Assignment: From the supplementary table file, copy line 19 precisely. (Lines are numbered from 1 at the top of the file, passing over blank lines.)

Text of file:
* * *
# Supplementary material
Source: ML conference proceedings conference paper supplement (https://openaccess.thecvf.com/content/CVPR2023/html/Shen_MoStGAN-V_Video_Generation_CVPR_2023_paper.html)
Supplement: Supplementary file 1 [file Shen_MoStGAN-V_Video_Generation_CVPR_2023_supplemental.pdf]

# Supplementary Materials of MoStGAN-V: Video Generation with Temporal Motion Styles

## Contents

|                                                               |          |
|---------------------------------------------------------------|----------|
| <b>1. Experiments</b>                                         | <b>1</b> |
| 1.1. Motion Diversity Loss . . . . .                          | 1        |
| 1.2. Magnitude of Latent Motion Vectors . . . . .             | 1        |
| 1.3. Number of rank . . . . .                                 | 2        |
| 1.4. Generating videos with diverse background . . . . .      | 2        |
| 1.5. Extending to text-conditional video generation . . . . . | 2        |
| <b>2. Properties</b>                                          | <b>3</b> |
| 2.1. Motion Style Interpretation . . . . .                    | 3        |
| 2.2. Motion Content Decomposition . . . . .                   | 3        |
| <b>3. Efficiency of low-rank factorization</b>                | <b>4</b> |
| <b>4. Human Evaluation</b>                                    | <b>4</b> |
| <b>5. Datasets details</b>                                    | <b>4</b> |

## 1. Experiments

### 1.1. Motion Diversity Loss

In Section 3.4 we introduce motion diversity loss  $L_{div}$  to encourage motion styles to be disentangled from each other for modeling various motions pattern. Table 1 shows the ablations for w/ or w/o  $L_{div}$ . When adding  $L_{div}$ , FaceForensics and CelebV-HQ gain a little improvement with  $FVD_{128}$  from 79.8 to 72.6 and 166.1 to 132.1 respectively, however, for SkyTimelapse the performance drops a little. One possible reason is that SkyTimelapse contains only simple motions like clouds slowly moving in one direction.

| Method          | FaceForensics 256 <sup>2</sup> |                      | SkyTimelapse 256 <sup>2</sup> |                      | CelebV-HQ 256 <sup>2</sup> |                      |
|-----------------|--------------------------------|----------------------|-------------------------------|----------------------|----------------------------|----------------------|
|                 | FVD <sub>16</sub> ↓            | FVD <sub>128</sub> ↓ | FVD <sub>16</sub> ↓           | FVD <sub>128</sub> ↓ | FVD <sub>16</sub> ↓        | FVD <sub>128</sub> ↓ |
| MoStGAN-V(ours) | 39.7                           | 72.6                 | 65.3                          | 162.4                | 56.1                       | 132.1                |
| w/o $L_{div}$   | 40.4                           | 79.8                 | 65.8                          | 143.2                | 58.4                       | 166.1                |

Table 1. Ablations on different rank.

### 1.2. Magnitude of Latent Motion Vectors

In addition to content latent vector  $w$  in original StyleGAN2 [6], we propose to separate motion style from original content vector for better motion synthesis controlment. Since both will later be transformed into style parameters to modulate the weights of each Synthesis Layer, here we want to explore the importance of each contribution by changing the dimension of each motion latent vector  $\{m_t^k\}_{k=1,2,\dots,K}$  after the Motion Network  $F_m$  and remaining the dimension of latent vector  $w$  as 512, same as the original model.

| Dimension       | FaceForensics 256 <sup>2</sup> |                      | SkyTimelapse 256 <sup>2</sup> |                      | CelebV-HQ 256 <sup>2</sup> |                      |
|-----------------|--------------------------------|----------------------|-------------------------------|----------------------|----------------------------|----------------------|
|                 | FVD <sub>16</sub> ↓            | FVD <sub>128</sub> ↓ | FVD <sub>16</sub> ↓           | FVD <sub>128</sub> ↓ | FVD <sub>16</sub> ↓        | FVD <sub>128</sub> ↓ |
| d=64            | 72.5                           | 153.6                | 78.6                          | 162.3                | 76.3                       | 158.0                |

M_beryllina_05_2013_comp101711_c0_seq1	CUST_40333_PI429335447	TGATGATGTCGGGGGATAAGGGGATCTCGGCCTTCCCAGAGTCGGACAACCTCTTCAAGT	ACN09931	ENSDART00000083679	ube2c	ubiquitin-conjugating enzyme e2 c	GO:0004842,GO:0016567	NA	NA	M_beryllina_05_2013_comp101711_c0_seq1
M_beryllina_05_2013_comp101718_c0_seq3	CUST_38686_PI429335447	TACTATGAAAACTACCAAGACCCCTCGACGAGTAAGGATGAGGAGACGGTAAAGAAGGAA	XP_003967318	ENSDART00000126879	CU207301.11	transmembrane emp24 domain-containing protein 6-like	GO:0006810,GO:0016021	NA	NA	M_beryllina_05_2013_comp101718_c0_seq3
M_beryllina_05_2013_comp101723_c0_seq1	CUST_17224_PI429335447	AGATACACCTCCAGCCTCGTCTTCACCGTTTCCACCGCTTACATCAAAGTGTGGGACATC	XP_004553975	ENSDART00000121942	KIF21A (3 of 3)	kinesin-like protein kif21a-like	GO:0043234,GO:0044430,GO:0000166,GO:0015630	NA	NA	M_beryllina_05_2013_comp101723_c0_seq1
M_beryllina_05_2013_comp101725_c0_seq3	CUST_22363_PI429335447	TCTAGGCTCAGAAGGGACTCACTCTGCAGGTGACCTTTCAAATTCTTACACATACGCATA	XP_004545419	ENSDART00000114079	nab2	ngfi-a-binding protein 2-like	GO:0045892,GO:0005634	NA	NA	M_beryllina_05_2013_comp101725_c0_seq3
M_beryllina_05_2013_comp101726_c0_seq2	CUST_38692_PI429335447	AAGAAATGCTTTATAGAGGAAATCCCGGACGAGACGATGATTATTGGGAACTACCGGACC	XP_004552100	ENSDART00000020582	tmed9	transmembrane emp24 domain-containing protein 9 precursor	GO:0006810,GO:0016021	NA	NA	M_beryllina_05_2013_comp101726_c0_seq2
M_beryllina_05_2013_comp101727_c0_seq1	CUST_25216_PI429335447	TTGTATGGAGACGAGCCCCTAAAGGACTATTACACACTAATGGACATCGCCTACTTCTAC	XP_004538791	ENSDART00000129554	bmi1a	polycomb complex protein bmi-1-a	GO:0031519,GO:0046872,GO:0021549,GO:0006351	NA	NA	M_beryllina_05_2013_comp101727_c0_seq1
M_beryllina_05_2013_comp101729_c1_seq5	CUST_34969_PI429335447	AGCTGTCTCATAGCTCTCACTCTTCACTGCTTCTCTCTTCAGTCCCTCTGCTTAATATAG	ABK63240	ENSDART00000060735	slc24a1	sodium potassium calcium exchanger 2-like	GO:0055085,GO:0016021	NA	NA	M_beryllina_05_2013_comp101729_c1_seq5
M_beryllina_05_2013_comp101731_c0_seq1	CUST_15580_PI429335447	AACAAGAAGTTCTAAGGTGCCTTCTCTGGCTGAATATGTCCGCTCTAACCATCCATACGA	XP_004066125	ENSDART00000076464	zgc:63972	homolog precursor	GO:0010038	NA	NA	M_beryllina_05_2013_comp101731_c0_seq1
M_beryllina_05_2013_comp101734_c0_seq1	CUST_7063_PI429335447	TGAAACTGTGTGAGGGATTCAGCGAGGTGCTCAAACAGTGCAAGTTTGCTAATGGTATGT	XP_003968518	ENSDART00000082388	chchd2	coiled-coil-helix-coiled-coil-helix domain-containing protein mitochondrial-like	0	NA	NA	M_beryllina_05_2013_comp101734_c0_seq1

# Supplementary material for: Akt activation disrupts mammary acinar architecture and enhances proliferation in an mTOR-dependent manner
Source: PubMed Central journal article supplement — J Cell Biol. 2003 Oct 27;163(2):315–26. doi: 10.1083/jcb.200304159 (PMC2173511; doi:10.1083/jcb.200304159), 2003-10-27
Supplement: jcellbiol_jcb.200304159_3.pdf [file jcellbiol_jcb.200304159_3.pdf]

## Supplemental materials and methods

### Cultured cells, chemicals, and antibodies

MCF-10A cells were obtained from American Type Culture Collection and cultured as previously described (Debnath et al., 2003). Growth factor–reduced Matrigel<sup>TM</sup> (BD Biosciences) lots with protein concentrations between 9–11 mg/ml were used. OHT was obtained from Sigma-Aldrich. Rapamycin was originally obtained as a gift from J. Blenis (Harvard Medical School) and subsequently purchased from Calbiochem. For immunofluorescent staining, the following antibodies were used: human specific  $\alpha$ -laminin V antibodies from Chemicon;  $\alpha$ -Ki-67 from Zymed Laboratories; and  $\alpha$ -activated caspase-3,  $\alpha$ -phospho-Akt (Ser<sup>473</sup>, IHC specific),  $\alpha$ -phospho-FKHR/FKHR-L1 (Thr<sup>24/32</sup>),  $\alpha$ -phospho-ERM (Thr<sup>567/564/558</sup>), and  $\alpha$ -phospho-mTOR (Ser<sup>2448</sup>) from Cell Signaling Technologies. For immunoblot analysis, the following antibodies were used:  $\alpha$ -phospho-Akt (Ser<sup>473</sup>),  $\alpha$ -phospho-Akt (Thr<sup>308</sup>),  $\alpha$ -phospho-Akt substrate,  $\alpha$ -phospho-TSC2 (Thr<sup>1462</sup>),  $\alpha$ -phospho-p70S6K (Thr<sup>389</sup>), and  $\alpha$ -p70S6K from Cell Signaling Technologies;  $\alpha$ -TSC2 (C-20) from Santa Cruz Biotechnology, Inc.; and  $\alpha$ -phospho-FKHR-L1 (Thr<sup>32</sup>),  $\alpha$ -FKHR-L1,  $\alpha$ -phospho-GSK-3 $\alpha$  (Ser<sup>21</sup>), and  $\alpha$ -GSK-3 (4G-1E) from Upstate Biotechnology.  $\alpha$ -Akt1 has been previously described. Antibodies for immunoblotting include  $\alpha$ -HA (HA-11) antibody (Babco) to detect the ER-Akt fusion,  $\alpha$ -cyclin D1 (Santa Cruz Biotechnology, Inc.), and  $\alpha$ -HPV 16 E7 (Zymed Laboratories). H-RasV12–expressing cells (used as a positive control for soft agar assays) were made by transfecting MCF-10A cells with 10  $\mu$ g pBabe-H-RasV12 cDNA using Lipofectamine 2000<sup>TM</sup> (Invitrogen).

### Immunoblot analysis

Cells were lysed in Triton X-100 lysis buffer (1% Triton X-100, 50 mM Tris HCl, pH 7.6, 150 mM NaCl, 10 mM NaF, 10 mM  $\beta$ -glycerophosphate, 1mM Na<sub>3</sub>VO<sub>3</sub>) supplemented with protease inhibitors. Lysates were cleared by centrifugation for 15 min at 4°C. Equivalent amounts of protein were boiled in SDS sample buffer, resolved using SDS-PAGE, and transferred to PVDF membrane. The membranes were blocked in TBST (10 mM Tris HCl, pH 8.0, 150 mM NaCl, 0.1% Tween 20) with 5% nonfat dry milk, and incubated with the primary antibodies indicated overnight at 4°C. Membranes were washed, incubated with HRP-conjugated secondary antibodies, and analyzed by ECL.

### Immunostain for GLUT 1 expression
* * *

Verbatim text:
| <b>5. Datasets details</b>                                    | <b>4</b> |